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Wonder Woman: Agent of Peace #5 Review

4 min read
That extra little something missing that it needs to really feel like it works as strongly as it should.

Two short stories for the price of one.

Creative Staff:
Story: Van Jensen / Scott Kolins
Art: Jheremy Raapack / Scott Kolins
Colors: Hi-Fi / Romulo Fajardo Jr
Letterer: Travis Lanham

What They Say:
Story 1 – Deadshot has his sights set on a corrupt government official, and it’s up to the Amazon Princess to protect him from the legendary assassin—but does this particular target actually deserve to be saved? Story 2 – Steve Trevor finds himself in over his head while trying to help Wonder Woman on a mission—but is he doing it for the right reasons, or just trying to prove something to himself?

Content: (please note that content portions of a review may contain spoilers):
This installment changes things up in terms of the creative side as we get two short stories that clock in at about eight pages each. The first comes from Van Jensen with Jheremy Raapack on the artwork, both of which works well. Raapack has a good design sense here with Deadshot, who doesn’t always get done right, and I really like the way his movements and costume come across. The second story has Scott Kolins writing and illustrating it so there’s a busier feeling to it as it moves through a lot of close-quarters combat. Both are decent enough stories but the 8-page format is one that a lot of writers just haven’t mastered well and it shows still.

The first story from Van Jensen keeps things simple as it moves fast into the action. With Wonder Woman helping out in dealing with an assassination attempt they’re hearing about, the person they’ve got on hand reveals through the lasso that it’s Deadshot that’s been hired and he’s going to take out President Toulan while meeting with an important dissident. That has Diana heading off to go toe to toe with him but it plays out chaotically, first because the president’s security forces protecting him have no care if they shoot civilians nearby, and second because Deadshot always has some tricks up his sleeve. It’s a good action sequence story coming in at about eight pages as it leads Deadshot to throw a twist into it and to show off his cockiness while also allowing Diana to highlight her frustration in dealing with people that don’t listen to her.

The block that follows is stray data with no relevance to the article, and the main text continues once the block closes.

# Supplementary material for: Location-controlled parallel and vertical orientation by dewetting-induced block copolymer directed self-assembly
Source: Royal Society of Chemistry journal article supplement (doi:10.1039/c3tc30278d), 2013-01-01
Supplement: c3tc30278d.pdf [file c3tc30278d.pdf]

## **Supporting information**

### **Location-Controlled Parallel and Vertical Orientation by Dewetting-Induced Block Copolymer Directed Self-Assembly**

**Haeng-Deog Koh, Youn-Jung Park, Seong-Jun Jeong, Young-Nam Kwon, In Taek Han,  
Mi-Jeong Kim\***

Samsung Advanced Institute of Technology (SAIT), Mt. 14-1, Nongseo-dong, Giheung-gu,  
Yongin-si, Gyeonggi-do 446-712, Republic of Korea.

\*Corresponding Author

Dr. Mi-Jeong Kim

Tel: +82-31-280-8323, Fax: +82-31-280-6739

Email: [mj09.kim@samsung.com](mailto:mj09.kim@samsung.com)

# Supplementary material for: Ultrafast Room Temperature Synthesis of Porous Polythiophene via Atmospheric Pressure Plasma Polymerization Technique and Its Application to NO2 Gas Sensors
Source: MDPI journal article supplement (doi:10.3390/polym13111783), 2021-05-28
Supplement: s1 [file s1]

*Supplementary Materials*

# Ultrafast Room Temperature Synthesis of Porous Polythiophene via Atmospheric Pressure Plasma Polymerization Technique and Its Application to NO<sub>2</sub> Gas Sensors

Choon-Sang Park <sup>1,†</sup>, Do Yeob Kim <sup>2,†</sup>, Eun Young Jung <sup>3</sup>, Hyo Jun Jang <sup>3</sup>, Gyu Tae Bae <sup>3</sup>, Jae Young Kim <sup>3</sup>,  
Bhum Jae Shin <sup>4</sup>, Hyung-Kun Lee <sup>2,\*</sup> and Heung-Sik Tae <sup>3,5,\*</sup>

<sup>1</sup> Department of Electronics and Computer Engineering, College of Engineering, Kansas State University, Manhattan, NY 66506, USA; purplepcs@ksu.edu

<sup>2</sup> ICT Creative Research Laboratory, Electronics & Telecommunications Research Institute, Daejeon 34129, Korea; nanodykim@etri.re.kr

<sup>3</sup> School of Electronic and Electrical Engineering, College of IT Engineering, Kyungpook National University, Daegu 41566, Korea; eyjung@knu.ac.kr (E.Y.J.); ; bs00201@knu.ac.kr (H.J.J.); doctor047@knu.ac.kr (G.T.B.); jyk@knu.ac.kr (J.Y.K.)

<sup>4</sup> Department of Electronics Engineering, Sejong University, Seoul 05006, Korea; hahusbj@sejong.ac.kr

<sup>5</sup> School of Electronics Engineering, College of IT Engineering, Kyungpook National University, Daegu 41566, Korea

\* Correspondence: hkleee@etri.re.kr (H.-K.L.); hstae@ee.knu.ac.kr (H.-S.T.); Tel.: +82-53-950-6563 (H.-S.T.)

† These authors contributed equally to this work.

Scott Kolins’ story focuses on Steve Trevor, which isn’t a bad thing as there’s always a lot that can be done with him, with or without Diana. Here, he’s been informed of Diana going after a terrorist group called PANDORA and that has him heading to the same location to help out. He knows he’s not a superhero and we even get a moment with Batman talking to him about how to manage surviving alongside her, but the reality is that Trevor is true military through and through and will do what he can to help in any way. It’s a fun little romp through a group of unimportant terrorist types in costumes that’s a mix of action and comedy and it leads to a great finale with Diana. But it’s an awkward story with how much narration there is that feels weirdly stilted as it takes some time to find its footing as so much has to be introduced in order to do so.

In Summary:
The way the DC Giants work in putting in different length stories and focusing on characters as it does allows for a lot of variety and repackaging those here works pretty well. The doubling up of two shorter stories makes sense but perhaps these read better amid the longer stories. They’re not bad per se but they just show the weakness in the creation of short-form material for superhero stories, an area that’s really not done much. Both creative teams do a solid job here but there’s just that extra little something missing that it needs to really feel like it works as strongly as it should.

Grade: B-

Age Rating: 12+
Released By: DC Comics via ComiXology and Kindle
Release Date: May 20th, 2020
MSRP: $0.99


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